Big Friendly Giant

Have you ever sampled a whisky and been put off by its robust and powerful aromas? Sadly, for some, their first glass of whisky becomes their last. A well-meaning friend might have tried to introduce you to the wonders of whisky, and inadvertently presented you with a strongly peated variety, better reserved for those that have already developed an affection for whisky. Forget all those past experiences and take the first steps back into the world of whisky by getting to know the ‘Big Friendly Giant’.

Image credit: Royal Mail

Dalwhinnie is a single malt from a the Scottish Highlands and is known as a the gentle giant for its mild and pleasing characteristics. I have introduced many a friend to the joys of whisky by letting them have a sip of Dalwhinnie. The name ‘Dalwhinnie’ is derived from the Gaelic word ‘Dail-coinneeamh’ meaning a meeting place – a fitting name for the whisky I suggest for your first whisky date.


Pour a dram of Dalwhinnie, then allow yourself time to ‘nose’ or smell the whisky before having a taste. First, you might get hit by a whiff of alcohol, but then the fresh aromas will begin to tickle your nose. You might notice a slightly fruity aroma and a bit of toffee. Now you’re ready to take a small sip and let the tastes of heather, honey and delicate spice play on your tongue. A whisky to be enjoyed!

Leave a comment

Filed under food and drink, Scotland, whiskey, whisky

Water or ice?

Many ask what is the correct way to serve a whisky.  The simple answer is anyway you like it!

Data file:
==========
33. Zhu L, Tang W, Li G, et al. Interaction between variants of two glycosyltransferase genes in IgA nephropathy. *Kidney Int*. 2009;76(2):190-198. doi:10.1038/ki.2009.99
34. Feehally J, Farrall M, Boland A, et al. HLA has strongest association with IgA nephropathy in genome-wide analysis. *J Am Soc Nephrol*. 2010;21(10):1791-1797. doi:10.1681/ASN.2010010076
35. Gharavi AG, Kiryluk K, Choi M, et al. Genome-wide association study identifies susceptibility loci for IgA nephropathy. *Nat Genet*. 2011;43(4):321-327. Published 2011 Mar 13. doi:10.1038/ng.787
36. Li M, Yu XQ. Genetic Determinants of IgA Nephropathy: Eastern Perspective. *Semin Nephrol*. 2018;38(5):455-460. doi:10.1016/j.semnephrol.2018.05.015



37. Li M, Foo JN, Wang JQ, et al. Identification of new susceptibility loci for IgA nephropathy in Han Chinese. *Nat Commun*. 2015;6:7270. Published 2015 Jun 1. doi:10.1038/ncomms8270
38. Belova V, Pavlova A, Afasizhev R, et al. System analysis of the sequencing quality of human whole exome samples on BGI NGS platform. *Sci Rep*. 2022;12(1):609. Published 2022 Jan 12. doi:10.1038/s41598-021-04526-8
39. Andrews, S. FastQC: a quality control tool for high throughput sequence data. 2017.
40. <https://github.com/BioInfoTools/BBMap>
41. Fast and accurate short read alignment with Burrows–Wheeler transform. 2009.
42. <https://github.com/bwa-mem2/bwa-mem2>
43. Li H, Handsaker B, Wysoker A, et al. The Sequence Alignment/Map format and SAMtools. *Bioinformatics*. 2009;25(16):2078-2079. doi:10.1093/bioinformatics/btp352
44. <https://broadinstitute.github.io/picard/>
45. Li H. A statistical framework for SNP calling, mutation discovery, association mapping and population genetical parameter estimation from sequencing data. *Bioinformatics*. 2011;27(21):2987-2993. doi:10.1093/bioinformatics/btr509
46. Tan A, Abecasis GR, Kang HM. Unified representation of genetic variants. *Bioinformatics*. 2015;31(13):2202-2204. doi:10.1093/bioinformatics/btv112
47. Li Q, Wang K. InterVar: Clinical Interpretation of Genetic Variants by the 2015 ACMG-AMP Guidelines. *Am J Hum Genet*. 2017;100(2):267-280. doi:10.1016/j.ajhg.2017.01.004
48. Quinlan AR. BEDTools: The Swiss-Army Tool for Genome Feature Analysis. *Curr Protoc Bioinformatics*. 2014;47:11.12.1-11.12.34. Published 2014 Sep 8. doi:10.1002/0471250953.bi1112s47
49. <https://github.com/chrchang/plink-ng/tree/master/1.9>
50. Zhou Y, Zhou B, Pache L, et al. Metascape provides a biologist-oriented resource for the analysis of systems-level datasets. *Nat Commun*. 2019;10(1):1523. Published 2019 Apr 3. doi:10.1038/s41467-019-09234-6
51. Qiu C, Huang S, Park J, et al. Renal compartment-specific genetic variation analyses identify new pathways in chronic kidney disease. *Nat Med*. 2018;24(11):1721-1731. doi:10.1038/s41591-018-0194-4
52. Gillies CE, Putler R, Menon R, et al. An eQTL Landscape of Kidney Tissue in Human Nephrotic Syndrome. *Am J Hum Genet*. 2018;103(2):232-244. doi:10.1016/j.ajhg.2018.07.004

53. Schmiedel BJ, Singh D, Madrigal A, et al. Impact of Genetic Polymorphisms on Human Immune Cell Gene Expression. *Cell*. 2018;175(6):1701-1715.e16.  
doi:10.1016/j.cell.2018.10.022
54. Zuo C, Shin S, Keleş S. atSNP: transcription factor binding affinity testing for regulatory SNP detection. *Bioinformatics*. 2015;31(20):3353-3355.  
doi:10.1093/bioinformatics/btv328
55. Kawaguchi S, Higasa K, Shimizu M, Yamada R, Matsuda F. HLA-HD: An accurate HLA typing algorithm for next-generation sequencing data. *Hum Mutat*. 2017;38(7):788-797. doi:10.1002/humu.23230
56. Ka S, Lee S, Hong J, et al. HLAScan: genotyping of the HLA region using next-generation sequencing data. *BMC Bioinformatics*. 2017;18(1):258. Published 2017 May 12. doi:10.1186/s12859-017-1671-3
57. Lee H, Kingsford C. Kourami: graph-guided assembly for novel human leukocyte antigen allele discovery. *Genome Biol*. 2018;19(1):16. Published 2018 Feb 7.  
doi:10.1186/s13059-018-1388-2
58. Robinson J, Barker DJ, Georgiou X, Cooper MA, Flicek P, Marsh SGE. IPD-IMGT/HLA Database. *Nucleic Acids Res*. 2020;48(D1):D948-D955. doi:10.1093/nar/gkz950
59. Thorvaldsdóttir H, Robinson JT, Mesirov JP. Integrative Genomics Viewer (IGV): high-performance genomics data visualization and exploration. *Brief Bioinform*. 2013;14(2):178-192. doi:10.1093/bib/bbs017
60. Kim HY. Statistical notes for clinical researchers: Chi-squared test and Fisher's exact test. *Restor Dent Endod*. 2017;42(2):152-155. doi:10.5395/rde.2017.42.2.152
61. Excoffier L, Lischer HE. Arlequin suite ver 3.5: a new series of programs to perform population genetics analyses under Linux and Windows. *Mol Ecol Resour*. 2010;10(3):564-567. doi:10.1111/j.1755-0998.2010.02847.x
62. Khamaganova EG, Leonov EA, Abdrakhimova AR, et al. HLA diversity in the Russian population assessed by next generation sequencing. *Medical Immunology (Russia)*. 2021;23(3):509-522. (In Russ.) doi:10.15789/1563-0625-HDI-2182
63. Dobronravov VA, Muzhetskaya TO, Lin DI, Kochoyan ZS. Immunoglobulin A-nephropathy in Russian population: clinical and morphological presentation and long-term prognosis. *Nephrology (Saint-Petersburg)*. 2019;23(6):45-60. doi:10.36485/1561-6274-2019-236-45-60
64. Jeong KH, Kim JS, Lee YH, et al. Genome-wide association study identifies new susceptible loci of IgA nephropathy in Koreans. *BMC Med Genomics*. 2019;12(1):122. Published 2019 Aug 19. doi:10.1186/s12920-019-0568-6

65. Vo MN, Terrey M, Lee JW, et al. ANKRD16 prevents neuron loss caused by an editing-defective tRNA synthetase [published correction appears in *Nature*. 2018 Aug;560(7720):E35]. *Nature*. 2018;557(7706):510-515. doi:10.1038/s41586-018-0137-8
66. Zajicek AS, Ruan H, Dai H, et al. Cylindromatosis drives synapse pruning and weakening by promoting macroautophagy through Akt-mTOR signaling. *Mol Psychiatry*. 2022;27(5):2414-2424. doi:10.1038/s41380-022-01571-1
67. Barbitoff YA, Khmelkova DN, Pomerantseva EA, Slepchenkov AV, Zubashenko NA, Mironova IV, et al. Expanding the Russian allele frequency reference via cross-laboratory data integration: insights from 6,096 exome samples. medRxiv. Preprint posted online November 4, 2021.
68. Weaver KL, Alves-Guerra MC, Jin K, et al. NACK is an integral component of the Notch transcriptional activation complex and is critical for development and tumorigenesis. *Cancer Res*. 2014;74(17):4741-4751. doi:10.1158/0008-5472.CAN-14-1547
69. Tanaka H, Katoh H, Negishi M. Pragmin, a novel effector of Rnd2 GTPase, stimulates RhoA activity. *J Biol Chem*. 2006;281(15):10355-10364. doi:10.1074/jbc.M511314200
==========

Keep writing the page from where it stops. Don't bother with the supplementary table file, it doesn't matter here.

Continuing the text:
For some that would be a few drops of water to unlock the flavours. Try gently pouring in some fresh, clear water and notice how the water mixes with the whisky. You’ll see tiny swirls appearing in your glass – this is the oily esters being released and unlocking their aroma. As an experiment, first sample your whisky neat, then add a couple of drops of water and you might be surprised at the difference in taste.


Others prefer a couple of ice cubes to give their whisky a cool, mellow and slightly subdued feel. Ice can take the edge of the sharpness found in some whiskies and gives a refreshing taste, particularly on warm summer’s day. However, ice also masks some of the complexities within the whisky and can make for a less exciting aroma.

Traditionally, it was considered inappropriate to drink whisky with mixers. In these liberated times many people enjoy a whisky & cola or mixed with their Scottish Irn-Bru. The distinct flavours of whisky is an important component in a variety of long drinks and cocktails. I’ll be sharing some of my favourites here on this blog…..

Leave a comment

Filed under food and drink, Scotland, whisky